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=== General bio ===
 
=== General bio ===
Paul W. Frields has been an open source user, contributor, and advocate for over twenty years. In 2008, after a career as an analyst and a forensic examiner and instructor in the public sector, he joined Red Hat, the world's leading provider of open source, enterprise IT solutions. His first role was leading the Fedora Project, a global community of free and open source software enthusiasts sponsored by Red Hat, where he was also a volunteer since 2003. He went on to coordinate the development of the next major version of the company's flagship product, Red Hat Enterprise Linux 7. His current role is the manager for the Fedora Engineering team, whose team members span the globe and provide system administration, application development, design, and kernel integration services for the Fedora community at large. In is spare time he is a performing musician, songwriter, and producer, and co-host of the Practical Bass podcast. He continues to work from his home in Virginia where he lives with his wife, two children, a dog, and an ever increasing arsenal of basses and other musical gear.
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Paul W. Frields has been an open source user, contributor, and advocate for over twenty years. In 2008, after a career as an analyst and a forensic examiner and instructor in the public sector, he joined Red Hat, the world's leading provider of open source, enterprise IT solutions. His first role was leading the Fedora Project, a global community of free and open source software enthusiasts sponsored by Red Hat, where he was also a volunteer since 2003. He went on to coordinate the development of the next major version of the company's flagship product, Red Hat Enterprise Linux 7. He is currently a senior manager for emerging operating systems, and his team members span the globe working on [https://fedoraproject.org/wiki/Community_Platform_Engineering Fedora and CentOS] infrastructure, release engineering and application services; as well as RHEL platform issues such as bring-up and [https://docs.fedoraproject.org/en-US/modularity/ modularity]. In is spare time he is a [https://paul.frields.org performing musician], [https://stickster.bandcamp.com/ songwriter], and [https://5thdom.com producer], and co-host of the [https://practicalbass.com Practical Bass podcast]. He continues to work from his home in Virginia where he lives with his wife, two children, a dog, and an ever increasing arsenal of basses and other musical gear.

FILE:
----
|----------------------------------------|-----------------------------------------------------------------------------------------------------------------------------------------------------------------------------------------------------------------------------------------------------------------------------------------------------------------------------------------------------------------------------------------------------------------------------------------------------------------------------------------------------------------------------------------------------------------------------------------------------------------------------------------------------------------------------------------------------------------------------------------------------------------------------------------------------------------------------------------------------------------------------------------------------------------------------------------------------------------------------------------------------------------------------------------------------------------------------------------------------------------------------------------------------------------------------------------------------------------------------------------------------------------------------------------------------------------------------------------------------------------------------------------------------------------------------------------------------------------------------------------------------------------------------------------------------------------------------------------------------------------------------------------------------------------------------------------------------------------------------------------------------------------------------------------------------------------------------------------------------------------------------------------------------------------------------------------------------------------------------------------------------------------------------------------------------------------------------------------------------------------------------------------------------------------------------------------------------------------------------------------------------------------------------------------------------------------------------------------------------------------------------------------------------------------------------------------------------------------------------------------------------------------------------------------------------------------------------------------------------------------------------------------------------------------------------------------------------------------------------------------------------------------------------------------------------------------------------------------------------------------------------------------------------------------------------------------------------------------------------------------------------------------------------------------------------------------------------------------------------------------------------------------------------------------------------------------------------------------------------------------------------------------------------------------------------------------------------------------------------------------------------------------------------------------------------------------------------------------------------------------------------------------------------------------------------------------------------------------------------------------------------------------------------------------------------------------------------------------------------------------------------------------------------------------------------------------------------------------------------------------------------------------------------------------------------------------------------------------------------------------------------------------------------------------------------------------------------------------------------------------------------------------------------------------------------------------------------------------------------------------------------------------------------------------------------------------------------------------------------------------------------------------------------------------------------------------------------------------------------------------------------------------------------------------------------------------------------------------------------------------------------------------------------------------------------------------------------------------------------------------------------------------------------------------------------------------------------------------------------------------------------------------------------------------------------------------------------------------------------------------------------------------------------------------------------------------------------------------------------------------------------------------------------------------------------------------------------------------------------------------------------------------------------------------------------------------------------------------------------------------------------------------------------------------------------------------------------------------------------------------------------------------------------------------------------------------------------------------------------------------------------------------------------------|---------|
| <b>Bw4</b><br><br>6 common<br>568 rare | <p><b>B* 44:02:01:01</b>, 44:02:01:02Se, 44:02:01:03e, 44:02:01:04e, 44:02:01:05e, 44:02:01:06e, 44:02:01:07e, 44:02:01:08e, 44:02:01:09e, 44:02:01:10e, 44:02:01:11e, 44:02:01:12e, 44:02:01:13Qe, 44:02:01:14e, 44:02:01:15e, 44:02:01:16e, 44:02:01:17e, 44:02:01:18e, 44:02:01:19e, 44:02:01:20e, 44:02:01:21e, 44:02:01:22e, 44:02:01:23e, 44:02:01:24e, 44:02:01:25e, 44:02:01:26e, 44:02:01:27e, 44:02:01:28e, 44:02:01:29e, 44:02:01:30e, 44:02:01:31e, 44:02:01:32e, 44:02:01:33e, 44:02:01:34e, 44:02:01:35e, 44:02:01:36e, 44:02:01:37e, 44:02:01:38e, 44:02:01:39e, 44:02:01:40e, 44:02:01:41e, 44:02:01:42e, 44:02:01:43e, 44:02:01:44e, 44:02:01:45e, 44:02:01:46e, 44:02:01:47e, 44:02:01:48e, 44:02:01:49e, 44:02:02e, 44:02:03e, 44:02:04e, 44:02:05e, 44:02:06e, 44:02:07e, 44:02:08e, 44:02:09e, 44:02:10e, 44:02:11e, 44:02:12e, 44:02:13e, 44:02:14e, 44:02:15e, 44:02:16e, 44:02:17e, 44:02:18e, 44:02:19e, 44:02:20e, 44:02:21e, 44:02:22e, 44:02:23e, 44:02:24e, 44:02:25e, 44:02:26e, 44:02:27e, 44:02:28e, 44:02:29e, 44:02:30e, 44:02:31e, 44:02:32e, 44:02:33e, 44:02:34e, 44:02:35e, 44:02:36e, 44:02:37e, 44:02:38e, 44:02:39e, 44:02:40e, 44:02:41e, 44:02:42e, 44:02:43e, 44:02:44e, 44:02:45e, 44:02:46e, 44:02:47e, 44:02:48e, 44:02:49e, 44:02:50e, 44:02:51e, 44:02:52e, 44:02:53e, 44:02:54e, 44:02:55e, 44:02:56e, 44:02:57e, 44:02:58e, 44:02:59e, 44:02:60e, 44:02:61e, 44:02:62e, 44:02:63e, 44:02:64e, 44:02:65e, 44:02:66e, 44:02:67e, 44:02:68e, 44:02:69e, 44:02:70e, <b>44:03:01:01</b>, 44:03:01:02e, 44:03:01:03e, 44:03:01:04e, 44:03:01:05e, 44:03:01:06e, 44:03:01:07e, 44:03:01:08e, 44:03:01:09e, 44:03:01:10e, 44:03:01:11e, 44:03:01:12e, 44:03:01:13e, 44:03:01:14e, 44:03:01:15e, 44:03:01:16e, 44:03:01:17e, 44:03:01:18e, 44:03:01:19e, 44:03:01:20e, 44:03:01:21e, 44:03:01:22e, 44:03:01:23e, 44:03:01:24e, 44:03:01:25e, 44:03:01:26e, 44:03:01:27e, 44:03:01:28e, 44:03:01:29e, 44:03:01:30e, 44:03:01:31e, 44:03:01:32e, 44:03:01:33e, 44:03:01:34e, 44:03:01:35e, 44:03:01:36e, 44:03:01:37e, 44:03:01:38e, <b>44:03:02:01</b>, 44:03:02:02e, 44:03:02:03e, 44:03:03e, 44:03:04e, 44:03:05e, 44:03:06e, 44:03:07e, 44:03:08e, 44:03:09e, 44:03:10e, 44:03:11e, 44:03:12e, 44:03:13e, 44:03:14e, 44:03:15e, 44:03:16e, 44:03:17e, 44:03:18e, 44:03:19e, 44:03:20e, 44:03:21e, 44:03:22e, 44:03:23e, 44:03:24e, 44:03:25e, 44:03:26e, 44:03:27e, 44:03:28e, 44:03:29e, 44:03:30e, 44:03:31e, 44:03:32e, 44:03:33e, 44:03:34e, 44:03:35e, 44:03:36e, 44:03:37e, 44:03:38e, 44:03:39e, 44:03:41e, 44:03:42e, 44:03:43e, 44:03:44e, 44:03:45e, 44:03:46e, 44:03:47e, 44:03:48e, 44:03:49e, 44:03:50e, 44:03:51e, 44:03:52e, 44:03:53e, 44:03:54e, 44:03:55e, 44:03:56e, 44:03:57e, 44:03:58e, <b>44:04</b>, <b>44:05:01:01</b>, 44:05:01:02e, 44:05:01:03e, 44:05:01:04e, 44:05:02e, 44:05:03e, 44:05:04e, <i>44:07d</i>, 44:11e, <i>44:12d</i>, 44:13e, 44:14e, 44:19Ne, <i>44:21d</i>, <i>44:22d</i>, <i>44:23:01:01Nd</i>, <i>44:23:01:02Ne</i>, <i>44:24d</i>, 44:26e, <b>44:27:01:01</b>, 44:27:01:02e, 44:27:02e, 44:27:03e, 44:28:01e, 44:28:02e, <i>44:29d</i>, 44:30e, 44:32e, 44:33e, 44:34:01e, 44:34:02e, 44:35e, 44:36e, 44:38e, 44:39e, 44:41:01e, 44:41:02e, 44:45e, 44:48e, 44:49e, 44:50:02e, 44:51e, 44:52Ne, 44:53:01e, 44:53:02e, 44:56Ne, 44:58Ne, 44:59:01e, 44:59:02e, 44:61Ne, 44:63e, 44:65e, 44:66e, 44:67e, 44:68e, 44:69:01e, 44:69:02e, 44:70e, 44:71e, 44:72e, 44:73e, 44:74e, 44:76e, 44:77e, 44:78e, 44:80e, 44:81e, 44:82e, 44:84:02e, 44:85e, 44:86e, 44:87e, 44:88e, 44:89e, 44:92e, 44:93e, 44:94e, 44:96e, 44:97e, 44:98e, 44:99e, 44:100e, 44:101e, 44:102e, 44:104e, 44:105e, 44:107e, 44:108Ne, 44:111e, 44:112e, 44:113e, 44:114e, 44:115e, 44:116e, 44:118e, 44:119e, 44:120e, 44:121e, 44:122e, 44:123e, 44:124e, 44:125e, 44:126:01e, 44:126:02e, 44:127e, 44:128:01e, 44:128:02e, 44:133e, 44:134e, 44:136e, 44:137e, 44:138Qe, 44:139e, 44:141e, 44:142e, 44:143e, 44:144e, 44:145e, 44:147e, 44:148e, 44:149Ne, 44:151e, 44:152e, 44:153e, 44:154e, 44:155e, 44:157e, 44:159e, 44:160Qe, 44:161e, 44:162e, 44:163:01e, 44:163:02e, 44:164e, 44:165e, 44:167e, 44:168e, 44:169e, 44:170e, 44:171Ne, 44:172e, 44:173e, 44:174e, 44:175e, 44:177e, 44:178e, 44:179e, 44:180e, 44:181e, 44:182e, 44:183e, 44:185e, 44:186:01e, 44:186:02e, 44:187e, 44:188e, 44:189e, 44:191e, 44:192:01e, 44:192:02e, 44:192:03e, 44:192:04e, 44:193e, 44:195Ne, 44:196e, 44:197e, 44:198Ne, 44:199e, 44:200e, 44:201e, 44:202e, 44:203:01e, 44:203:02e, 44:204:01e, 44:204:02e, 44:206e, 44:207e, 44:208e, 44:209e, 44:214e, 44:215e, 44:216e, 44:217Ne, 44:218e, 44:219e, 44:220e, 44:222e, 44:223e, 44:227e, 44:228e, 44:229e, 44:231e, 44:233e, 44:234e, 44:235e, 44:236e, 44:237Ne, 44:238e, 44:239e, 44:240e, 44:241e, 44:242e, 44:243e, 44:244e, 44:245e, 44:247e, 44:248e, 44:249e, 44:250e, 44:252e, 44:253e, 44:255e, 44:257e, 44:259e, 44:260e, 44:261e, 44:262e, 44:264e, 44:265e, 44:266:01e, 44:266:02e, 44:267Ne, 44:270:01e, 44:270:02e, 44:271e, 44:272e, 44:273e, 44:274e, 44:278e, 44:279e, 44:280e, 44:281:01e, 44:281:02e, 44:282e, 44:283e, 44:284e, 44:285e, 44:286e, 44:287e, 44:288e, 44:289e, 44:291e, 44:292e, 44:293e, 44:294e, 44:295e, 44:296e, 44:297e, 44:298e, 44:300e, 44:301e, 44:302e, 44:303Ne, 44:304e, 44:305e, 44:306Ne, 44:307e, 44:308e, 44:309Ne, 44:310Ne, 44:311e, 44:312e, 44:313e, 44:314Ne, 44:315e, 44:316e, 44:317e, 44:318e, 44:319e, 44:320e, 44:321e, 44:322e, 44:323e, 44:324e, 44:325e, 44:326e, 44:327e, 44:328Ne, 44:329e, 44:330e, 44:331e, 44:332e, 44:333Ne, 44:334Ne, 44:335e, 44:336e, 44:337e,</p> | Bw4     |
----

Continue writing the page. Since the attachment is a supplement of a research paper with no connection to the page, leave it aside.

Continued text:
Latest revision as of 19:18, 13 December 2019

Linux/Fedora specific

Paul W. Frields has been a Linux user and enthusiast since 1997, and joined the Fedora Documentation Project in 2003, shortly after the launch of Fedora. As contributing writer, editor, and a founding member of the Fedora Board, Paul has worked on a variety of tasks, including guides and tutorials, website publishing, and toolchain development. He is the lead developer of the PulseCaster application and also maintains a number of packages in the Fedora repository. In February 2008, Paul joined Red Hat as the Fedora Project Leader, where he oversaw six releases of the distribution. He currently is an engineering manager for Red Hat, and lives with his wife and two children in Virginia.

General bio

Paul W. Frields has been an open source user, contributor, and advocate for over twenty years. In 2008, after a career as an analyst and a forensic examiner and instructor in the public sector, he joined Red Hat, the world's leading provider of open source, enterprise IT solutions. His first role was leading the Fedora Project, a global community of free and open source software enthusiasts sponsored by Red Hat, where he was also a volunteer since 2003. He went on to coordinate the development of the next major version of the company's flagship product, Red Hat Enterprise Linux 7. He is currently a senior manager for emerging operating systems, and his team members span the globe working on Fedora and CentOS infrastructure, release engineering and application services; as well as RHEL platform issues such as bring-up and modularity. In is spare time he is a performing musician, songwriter, and producer, and co-host of the Practical Bass podcast. He continues to work from his home in Virginia where he lives with his wife, two children, a dog, and an ever increasing arsenal of basses and other musical gear.